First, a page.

‘Second best’
The reference to a “second best” judiciary is taken from Tom Bingham, a former lord chief justice of England and Wales, who Mrs Justice Denham quoted as having said that unless the rewards of judicial office are sufficient to attract the ablest candidates, “the ranks of the judiciary must be filled by the second best . . . and there would be an inevitable lowering in the standing and reputation of the judiciary.”

In her letter, the Chief Justice told Mr Howlin: “I regret that your decision will result in Ireland’s High Court judiciary becoming more homogenous . . . I wish to see a more diverse judiciary in the High Court, for the good of all Ireland, and not one almost exclusively from Dublin.”

The president of the High Court, Mr Justice Nicholas Kearns, wrote to Mr Howlin on the same topic last October and received an almost identical response from the Minister. He wrote that because of the problem he was “seriously apprehensive that there may be a dearth of suitable candidates” for three High Court vacancies.

What is a High Court judge paid?

The annual salary of a High Court judge is €191,306 for those who were appointed before January 1st, 2012, and €172,710 for those appointed after that date. This means that the take-home pay of a High Court judge appointed before 2012 is 38 per cent down on that paid in 2008. For new entrants, the reduction is 50 per cent.

Pension and lump-sum benefits for judges are calculated by reference to total reckonable service and salary on the last day of service.

In the case of High Court judges, pension comprises 1/40th of salary for each of the first five years of service and 3/80ths of salary for each subsequent year of service – subject to a maximum of ½ times salary. The Department of Public Expenditure and Reform says this accrual rate is almost twice as fast as for other public servants.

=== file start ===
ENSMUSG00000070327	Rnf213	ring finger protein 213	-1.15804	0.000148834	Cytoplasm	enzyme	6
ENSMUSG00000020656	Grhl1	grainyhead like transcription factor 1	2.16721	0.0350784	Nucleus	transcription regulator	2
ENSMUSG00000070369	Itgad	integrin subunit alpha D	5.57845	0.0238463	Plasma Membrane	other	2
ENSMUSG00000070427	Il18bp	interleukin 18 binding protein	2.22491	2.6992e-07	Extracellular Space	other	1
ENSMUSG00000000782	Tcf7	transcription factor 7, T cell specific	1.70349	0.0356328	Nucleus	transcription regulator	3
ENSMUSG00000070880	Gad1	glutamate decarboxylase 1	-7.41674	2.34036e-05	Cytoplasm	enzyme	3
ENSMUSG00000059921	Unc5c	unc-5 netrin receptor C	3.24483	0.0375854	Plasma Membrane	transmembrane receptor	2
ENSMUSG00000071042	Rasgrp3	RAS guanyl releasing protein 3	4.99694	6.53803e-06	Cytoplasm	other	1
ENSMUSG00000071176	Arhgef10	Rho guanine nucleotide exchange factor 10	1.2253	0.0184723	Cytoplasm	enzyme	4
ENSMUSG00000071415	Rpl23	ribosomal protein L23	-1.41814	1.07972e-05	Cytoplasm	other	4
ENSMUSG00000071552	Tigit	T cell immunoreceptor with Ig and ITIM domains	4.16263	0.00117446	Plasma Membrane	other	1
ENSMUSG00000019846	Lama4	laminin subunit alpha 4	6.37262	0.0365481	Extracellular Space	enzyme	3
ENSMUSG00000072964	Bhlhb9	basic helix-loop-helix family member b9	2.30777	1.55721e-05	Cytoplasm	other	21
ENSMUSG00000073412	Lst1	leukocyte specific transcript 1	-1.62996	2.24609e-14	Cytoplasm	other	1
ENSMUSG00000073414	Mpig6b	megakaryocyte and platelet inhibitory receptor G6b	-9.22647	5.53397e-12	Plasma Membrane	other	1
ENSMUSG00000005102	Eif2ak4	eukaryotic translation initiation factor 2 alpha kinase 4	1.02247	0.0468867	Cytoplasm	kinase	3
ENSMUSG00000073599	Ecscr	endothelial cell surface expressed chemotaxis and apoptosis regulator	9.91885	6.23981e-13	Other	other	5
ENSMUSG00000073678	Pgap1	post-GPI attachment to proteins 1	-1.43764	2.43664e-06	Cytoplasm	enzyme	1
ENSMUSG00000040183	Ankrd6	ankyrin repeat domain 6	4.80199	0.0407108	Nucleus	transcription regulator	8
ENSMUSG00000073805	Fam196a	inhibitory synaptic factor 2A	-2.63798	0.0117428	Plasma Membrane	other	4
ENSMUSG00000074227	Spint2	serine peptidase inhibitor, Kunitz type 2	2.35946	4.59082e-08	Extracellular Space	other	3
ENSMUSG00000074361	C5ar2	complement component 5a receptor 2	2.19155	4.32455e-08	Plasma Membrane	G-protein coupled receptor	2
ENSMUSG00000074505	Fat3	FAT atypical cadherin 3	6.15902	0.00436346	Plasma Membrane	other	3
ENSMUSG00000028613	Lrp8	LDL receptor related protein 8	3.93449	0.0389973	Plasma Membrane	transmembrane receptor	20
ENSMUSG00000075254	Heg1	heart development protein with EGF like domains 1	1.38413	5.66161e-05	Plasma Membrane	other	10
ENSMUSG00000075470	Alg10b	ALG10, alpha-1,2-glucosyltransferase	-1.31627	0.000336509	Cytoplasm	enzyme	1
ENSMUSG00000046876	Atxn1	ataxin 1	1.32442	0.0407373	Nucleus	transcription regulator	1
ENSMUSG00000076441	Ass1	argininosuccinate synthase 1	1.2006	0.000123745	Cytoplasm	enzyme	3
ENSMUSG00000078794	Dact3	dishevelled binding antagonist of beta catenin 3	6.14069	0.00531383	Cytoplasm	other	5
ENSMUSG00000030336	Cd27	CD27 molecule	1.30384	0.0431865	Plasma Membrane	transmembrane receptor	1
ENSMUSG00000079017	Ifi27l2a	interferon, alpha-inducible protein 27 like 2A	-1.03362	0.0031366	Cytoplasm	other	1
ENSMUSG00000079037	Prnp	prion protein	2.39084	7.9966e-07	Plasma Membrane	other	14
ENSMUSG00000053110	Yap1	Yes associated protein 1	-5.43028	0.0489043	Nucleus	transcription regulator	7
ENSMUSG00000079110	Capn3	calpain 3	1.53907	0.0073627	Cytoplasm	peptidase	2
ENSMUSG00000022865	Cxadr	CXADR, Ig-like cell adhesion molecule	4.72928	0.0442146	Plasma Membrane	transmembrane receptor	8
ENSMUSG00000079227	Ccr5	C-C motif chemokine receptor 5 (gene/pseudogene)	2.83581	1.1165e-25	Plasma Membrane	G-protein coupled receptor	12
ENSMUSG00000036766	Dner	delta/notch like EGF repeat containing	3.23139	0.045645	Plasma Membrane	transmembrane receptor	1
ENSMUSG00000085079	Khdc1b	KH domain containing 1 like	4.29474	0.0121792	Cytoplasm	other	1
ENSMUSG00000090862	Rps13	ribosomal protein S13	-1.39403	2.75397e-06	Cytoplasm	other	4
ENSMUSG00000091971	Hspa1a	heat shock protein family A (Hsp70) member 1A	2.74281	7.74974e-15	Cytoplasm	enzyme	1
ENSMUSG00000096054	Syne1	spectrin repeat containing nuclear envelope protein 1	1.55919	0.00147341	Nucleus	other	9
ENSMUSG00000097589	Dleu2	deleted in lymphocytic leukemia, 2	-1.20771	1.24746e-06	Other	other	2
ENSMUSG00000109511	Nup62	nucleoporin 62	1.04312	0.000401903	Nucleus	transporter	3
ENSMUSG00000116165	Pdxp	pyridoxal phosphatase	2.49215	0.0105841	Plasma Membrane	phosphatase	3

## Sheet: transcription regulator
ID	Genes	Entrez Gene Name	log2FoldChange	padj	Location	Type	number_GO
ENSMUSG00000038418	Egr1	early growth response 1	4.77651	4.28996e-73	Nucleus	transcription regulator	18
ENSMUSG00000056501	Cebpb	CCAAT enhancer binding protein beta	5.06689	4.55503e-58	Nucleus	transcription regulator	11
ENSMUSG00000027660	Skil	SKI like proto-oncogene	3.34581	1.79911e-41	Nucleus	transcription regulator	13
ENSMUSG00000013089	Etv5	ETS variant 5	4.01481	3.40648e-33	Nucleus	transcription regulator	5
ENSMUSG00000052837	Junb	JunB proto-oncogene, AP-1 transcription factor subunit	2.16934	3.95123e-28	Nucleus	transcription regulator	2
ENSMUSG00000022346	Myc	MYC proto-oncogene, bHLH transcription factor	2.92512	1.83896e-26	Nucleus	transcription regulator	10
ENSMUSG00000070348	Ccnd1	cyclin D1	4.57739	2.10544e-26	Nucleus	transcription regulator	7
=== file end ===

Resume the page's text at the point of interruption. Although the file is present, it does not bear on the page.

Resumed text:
Pension terms have changed in recent years. Under the Public Service Pensions (Single Scheme and Other Provisions) Act 2012, incoming judges will have to serve 20 years instead of 15 before they can draw a full pension. They also incur additional liability to tax in respect of the judicial pension and any savings for private pension provision made while working as barristers or solicitors.

The High Court regularly sits outside Dublin. When it does, judges are entitled to some travel and subsistence expenses. They are also paid expenses for attire and attendance at conferences in their official capacity.

Last year, the 33 High Court judges together claimed €121,167.36, including €7,007.62 on travel, €104,129.34 on subsistence and €10,030.40 on “judicial attire and incidental costs”. Some 98 per cent of judges’ travel related to mileage.

The High Court judge who was paid the highest expenses last year received €9,462.00. The lowest outlay to a single judge was €80.35. The Courts Service says total judicial costs last year were almost 30 per cent lower than in 2008.